When it rains in Houston, the only way to go is up.
Memorial Day 2015 was yet another chapter in the city’s long flood history. In less than six hours, parts of Houston received 11 inches of rainfall. The deluge caused more than 100,000 gallons of wastewater to spill, 46 Texas counties to declare disaster, 24 people to be killed, and 11 to be missing. As freeways, buildings, cars, and homes were submerged, residents in neighborhoods hardest hit by flooding survived by going onto their roofs, into their attics and on top of dressers. Houston emergency responders conducted 531 water rescues. It was the first Level 1 emergency activation for Harris County since Hurricane Ike in 2008.
The Toyota Center, the downtown basketball arena where the Houston Rockets played the Golden State Warriors on Monday night, became a kind of emergency shelter, as nearly 1,000 fans were allowed to stay there after the game while the storm passed and some slept in the seats.
Not since Tropical Storm Allison in 2001 have so many people been displaced. My friend’s family has lost everything. Personal belongings and family mementos floated away in the rising water, and they’ve put their waterlogged and ruined things out on the curb to be picked up by the city. The irony is that she and I had only just been talking about the attachment we have to our artifacts, and that we would feel so much freer if we could let go of the excess and focus on the treasures. And now, all of her things—treasured or not—are gone.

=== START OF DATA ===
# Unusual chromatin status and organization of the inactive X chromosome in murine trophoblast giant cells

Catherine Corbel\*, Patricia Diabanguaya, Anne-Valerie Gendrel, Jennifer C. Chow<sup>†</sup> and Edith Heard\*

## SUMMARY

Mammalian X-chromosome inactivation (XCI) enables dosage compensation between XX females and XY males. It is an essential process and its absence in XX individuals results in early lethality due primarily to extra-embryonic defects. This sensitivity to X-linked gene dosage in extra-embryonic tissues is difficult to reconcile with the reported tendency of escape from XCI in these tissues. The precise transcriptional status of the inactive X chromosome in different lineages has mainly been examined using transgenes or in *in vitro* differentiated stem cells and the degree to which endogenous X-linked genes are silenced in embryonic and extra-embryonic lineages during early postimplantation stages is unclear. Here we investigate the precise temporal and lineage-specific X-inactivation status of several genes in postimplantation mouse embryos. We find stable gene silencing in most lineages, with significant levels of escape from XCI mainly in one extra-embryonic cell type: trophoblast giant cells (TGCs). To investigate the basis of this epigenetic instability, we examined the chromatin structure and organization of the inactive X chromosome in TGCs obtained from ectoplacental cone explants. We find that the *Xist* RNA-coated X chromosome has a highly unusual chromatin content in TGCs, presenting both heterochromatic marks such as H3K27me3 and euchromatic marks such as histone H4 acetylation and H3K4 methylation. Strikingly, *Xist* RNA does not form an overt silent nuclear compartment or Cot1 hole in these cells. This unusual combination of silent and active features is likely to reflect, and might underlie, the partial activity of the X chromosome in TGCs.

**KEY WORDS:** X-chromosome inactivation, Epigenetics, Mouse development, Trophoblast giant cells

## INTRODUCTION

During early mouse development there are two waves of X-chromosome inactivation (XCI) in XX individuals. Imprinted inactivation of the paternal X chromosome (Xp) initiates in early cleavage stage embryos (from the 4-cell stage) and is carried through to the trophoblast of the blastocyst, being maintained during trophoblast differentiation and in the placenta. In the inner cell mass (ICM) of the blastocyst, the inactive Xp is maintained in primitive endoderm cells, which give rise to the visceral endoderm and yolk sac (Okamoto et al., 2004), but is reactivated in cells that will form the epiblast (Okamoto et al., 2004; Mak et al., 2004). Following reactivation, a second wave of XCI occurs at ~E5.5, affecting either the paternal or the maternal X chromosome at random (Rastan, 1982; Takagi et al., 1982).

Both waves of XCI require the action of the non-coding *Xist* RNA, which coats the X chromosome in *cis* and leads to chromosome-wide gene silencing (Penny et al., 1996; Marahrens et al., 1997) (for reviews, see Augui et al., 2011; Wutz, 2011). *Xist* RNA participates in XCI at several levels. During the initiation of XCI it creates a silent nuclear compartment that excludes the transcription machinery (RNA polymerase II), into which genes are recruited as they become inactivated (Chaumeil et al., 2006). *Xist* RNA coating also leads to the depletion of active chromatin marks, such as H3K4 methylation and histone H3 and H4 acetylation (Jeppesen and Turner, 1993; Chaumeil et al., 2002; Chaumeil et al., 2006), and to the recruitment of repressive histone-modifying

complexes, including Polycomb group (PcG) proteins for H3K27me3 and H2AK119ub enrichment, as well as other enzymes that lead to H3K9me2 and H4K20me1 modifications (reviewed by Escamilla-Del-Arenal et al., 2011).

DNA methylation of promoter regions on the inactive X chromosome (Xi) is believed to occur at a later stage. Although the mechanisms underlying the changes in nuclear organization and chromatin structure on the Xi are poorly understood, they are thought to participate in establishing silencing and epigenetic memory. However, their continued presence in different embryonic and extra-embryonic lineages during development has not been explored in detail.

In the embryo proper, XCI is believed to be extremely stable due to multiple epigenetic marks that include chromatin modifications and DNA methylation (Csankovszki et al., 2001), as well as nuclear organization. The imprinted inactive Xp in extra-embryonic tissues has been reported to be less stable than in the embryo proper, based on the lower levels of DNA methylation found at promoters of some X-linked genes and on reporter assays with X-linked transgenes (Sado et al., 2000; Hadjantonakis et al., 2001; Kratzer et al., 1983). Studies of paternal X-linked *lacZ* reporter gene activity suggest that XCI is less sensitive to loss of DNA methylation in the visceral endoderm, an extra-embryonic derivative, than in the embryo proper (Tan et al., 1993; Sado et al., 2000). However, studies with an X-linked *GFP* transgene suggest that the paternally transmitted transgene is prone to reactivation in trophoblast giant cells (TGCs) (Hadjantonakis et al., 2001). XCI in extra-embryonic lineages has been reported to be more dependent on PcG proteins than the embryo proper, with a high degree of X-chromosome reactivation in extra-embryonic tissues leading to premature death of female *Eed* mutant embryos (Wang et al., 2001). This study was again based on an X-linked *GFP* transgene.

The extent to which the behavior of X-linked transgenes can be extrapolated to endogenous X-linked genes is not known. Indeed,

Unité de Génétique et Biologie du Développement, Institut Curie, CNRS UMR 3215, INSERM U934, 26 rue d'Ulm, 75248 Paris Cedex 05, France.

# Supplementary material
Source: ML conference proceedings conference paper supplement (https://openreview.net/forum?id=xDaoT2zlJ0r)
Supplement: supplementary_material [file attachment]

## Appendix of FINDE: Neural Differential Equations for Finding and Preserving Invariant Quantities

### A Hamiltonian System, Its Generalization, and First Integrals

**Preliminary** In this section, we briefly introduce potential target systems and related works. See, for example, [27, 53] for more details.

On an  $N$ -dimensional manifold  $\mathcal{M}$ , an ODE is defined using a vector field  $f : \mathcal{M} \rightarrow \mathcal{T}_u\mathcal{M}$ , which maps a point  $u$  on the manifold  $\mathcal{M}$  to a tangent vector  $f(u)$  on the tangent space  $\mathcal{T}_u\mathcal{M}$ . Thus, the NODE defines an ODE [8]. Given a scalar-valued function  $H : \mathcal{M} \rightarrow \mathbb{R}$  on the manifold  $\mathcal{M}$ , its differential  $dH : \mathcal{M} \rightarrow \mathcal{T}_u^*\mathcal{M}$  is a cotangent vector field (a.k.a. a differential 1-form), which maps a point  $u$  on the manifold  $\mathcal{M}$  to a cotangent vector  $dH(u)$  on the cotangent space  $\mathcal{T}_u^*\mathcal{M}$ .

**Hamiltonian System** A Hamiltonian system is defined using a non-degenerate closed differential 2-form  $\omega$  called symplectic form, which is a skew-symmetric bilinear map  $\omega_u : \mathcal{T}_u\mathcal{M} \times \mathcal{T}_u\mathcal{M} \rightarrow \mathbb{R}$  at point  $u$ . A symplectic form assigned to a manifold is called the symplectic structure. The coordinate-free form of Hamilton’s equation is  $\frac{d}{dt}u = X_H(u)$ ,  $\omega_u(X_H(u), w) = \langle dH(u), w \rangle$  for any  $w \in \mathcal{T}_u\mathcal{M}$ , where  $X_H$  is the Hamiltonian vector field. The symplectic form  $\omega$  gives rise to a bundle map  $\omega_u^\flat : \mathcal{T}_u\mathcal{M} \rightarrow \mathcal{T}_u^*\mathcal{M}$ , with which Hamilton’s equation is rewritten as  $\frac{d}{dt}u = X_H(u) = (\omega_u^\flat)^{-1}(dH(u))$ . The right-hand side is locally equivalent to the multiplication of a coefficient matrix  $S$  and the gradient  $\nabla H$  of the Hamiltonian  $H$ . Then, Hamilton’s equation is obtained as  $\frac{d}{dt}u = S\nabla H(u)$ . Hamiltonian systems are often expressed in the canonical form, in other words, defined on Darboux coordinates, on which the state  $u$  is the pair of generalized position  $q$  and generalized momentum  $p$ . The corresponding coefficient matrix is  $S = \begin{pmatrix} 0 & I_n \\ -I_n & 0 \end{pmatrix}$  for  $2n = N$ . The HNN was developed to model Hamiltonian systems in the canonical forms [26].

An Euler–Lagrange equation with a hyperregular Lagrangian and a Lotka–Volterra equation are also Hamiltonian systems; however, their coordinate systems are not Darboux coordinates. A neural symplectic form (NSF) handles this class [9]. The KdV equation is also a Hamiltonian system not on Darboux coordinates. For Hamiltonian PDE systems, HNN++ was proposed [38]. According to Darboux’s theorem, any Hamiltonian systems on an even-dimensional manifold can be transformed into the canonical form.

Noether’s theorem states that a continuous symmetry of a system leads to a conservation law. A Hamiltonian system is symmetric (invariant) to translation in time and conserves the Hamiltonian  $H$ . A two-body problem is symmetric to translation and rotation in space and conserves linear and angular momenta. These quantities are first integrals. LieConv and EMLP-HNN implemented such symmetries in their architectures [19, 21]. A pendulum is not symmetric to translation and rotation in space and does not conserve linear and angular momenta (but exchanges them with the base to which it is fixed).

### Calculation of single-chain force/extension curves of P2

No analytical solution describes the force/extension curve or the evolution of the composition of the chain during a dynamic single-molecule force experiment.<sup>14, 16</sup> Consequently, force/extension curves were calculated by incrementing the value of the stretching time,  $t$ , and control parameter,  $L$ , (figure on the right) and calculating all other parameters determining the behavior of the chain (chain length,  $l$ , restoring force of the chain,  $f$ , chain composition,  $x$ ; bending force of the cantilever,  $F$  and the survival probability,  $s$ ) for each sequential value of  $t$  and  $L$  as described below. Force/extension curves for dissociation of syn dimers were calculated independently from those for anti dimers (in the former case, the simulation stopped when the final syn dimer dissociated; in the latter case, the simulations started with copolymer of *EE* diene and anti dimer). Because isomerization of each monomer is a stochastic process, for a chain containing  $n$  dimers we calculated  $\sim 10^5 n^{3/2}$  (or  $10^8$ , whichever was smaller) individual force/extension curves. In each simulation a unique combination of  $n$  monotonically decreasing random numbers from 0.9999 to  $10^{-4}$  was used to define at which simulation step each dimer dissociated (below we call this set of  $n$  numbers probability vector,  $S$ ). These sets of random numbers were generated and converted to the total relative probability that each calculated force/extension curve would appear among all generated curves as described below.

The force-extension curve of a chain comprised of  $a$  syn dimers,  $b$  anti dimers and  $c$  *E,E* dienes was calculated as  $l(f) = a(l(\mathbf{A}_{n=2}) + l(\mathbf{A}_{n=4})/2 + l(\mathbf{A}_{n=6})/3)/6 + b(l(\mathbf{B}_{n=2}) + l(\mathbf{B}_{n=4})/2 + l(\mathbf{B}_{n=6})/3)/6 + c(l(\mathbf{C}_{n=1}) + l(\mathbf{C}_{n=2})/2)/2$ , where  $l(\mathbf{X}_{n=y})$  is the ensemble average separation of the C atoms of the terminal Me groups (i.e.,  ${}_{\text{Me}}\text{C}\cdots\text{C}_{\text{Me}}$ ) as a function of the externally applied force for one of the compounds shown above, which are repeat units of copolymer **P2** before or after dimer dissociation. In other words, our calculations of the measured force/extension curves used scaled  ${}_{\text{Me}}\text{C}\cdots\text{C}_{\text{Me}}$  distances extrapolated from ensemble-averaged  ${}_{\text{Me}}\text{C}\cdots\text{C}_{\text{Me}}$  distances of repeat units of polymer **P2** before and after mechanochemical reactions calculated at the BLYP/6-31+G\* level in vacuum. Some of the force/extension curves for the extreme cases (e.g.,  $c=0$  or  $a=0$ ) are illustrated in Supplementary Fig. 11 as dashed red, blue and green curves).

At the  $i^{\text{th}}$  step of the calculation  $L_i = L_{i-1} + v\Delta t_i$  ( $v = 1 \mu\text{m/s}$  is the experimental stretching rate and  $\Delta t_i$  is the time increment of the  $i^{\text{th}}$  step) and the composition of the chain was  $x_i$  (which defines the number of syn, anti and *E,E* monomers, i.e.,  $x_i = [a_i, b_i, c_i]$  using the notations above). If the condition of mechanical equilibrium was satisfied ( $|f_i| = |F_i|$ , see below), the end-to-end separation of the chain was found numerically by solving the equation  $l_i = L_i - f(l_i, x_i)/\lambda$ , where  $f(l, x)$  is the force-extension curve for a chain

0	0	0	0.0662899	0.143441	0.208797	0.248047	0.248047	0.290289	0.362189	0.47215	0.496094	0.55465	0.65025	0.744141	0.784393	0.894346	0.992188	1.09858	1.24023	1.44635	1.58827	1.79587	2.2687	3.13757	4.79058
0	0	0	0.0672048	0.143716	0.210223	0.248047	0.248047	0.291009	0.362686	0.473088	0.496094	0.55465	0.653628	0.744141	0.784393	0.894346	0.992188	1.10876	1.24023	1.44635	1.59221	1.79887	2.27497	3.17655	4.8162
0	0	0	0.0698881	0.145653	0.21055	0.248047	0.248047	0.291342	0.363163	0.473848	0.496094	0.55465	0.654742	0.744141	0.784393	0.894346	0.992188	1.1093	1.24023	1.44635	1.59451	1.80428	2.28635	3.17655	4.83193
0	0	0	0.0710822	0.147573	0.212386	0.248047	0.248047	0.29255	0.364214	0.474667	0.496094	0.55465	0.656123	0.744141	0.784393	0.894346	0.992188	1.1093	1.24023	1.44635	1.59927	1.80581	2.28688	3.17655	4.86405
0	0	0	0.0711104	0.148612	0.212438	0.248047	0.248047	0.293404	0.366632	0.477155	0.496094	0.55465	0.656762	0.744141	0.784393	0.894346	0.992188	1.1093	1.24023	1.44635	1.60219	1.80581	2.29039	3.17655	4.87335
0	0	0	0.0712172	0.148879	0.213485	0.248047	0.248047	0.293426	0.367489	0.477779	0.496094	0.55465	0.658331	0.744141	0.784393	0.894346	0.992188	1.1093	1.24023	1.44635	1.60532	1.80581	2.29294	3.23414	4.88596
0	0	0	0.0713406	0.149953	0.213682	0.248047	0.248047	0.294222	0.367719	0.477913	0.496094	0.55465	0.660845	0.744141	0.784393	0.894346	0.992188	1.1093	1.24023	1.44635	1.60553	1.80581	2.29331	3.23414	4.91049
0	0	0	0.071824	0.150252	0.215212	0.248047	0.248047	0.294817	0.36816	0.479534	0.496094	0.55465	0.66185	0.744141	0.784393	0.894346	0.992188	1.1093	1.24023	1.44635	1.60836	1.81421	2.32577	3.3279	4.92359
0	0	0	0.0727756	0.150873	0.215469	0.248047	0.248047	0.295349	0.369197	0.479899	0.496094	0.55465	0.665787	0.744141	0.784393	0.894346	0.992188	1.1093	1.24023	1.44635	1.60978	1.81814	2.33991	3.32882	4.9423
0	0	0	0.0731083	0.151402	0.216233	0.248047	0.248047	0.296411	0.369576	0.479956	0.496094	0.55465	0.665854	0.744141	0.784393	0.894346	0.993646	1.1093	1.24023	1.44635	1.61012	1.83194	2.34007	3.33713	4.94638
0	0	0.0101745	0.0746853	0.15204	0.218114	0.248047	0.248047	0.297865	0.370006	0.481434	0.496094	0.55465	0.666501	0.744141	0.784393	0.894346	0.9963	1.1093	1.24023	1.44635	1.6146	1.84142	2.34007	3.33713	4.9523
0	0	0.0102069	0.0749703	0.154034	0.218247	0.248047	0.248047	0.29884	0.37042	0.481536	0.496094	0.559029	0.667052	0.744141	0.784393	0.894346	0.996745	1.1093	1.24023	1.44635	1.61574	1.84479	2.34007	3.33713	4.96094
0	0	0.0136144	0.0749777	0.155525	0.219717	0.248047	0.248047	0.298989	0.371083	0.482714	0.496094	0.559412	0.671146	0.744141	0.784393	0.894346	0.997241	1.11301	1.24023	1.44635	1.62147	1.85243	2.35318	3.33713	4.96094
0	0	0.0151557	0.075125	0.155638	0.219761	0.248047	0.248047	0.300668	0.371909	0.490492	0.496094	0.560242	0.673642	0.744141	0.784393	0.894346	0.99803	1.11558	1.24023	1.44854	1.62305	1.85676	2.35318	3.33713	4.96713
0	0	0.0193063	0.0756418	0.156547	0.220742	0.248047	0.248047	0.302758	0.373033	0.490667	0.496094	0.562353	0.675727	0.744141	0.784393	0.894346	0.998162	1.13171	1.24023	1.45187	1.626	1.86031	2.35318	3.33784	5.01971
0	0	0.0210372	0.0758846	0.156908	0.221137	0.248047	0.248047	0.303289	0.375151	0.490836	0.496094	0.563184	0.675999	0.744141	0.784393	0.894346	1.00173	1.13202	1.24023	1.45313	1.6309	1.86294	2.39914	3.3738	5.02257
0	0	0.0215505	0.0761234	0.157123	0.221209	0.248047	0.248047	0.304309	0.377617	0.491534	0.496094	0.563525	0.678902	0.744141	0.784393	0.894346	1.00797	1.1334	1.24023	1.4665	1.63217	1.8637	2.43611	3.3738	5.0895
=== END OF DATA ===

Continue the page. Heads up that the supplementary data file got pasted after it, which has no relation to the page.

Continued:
As I write this, this same friend is trapped at the apex of another Houston freeway, during another deluge, five days after her home was destroyed. “This needs to end,” she texted.
But there’s nowhere to go but up, right?
“Fo shizzle,” she says.
To help Houston flood victims:
Info on the flood: